By Christy Strawser
CBS Detroit Managing Editor
HAMTRAMCK (CBS Detroit) It almost didn’t happen, but residents of this blue-collar town couldn’t let their generations-long Labor Day family tradition go by the wayside.
Many of them have already lost too much.
So with sweat equity, bartering and ingenuity, Hamtramck city officials, business owners and other volunteers made the 2012 Hamtramck Labor Day happen after cancellation was threatened due to lack of funds. The “Blue Collar Bash” is set for noon to 10 p.m. Saturday, Sept. 1 through Monday, Sept. 3, complete with a carnival, live music, art fair, Polish Day parade, kids’ games, food and drinks, eating contests, a canoe race, and more.
So, how did it come together?
“The carnival and some of the people who’ve done it in the past, they basically fronted us the money to keep it going, and we trimmed back some of the expenditures of this thing that had gotten out of hand, we just went through the books and trimmed everything we thought we didn’t need,” explained festival co-chair Shannon Lowell, owner of Hamtramck’s Cafe 1923. He’s leading the event with Konrad Naziaraz.
“We got a lot more volunteer efforts, people gave time, and people have called in their friends to make this happen, give a bang for the buck. A lot of people worked on this, a lot of people,” Lowell added.
Hamtramck, a small Detroit border town that grew alongside the auto industry boom in the early part of the 20th Century, is battling a budget deficit as home prices sink and businesses close. Its struggling school district is under the control of an emergency financial manager.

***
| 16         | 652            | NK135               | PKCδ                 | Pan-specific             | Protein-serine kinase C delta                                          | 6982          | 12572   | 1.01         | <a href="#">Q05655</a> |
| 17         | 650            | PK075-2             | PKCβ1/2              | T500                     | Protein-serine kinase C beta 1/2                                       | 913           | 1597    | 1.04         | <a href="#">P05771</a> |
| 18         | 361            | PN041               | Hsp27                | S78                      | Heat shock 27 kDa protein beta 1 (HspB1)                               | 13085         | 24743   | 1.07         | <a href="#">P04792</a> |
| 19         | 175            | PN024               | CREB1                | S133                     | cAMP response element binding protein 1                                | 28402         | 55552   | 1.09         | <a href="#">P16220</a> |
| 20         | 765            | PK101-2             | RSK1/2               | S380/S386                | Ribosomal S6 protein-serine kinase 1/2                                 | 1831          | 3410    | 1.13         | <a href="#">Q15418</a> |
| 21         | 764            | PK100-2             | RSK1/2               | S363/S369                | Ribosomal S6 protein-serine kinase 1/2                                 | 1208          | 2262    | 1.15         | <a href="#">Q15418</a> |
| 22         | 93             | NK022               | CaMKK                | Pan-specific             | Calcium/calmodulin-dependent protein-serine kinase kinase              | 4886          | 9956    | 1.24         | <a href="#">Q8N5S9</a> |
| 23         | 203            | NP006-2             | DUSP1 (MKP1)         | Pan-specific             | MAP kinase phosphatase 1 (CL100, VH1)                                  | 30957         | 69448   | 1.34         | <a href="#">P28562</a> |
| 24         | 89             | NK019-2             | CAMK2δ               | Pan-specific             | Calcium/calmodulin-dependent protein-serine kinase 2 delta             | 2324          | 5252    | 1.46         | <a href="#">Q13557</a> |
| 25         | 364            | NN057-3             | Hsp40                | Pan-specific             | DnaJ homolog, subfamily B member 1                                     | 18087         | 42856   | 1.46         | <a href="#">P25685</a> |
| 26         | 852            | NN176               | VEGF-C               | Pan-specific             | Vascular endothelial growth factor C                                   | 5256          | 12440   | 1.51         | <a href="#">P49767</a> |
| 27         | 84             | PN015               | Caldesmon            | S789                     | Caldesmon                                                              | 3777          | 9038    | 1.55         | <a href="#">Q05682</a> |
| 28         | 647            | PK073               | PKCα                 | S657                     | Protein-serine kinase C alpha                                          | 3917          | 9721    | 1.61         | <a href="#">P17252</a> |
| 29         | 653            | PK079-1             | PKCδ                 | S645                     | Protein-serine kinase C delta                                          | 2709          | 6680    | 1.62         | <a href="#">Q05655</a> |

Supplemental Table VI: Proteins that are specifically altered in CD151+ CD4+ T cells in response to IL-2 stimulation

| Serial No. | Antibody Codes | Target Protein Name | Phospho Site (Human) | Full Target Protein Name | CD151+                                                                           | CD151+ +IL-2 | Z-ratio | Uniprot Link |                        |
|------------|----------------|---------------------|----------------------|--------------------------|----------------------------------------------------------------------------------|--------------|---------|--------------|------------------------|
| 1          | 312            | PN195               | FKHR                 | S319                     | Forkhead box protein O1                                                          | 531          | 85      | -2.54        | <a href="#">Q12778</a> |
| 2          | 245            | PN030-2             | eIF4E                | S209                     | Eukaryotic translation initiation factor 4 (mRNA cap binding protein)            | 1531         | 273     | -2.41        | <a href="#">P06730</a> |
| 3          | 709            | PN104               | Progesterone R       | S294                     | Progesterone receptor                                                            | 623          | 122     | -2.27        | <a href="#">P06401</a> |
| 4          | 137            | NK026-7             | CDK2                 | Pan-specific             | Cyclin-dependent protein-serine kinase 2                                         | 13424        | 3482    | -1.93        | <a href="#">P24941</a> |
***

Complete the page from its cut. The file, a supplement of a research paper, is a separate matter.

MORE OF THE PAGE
The Labor Day festival was in jeopardy earlier this summer, when organizers thought they wouldn’t have enough money for the 32-year-old event. Organizers hoped to raise $20,000 through the website Kickstarter — and that effort failed, with less than $2,000 in contributions.
Darren Grow, the Executive Director of the Hamtramck Downtown Development Authority, said the festival was originally created in 1980 by former Mayor Robert Kozaren after the city’s Dodge Main factory closed its doors.
“The festival was started as a way to rally the community during a tough economic time in the ‘80s and it would be a real shame to see it come to an end this way,” Grow said in a press release.
The festival was never focused on making money, but the businesses and restaurants surrounding the festival benefit from the celebration, he added. “For the businesses in the vicinity, it’s one of the biggest weekends of the year,” Grow said.
When money couldn’t be raised, Lowell, Naziaraz and their cohorts made a deal with the carnival company to collect their money only after ticket sales came in, they got a local business to create the website, others to volunteer to put together events, plan the parade, organize the contests — and it was suddenly ready.
“Up until July, we didn’t even know if it was going to happen … I just want to say it’s the volunteer effort that’s sponsoring this thing,” Lowell said. “Once enough youthful energy came to the top, it all came together.
To capitalize on burgeoning crowds at Royal Oak’s Arts, Beats & Eats, the Detroit Bus Company is providing free transportation from AB &E to Hamtramck throughout the day Sunday and Monday.
— Eric Czajka contributed to this post.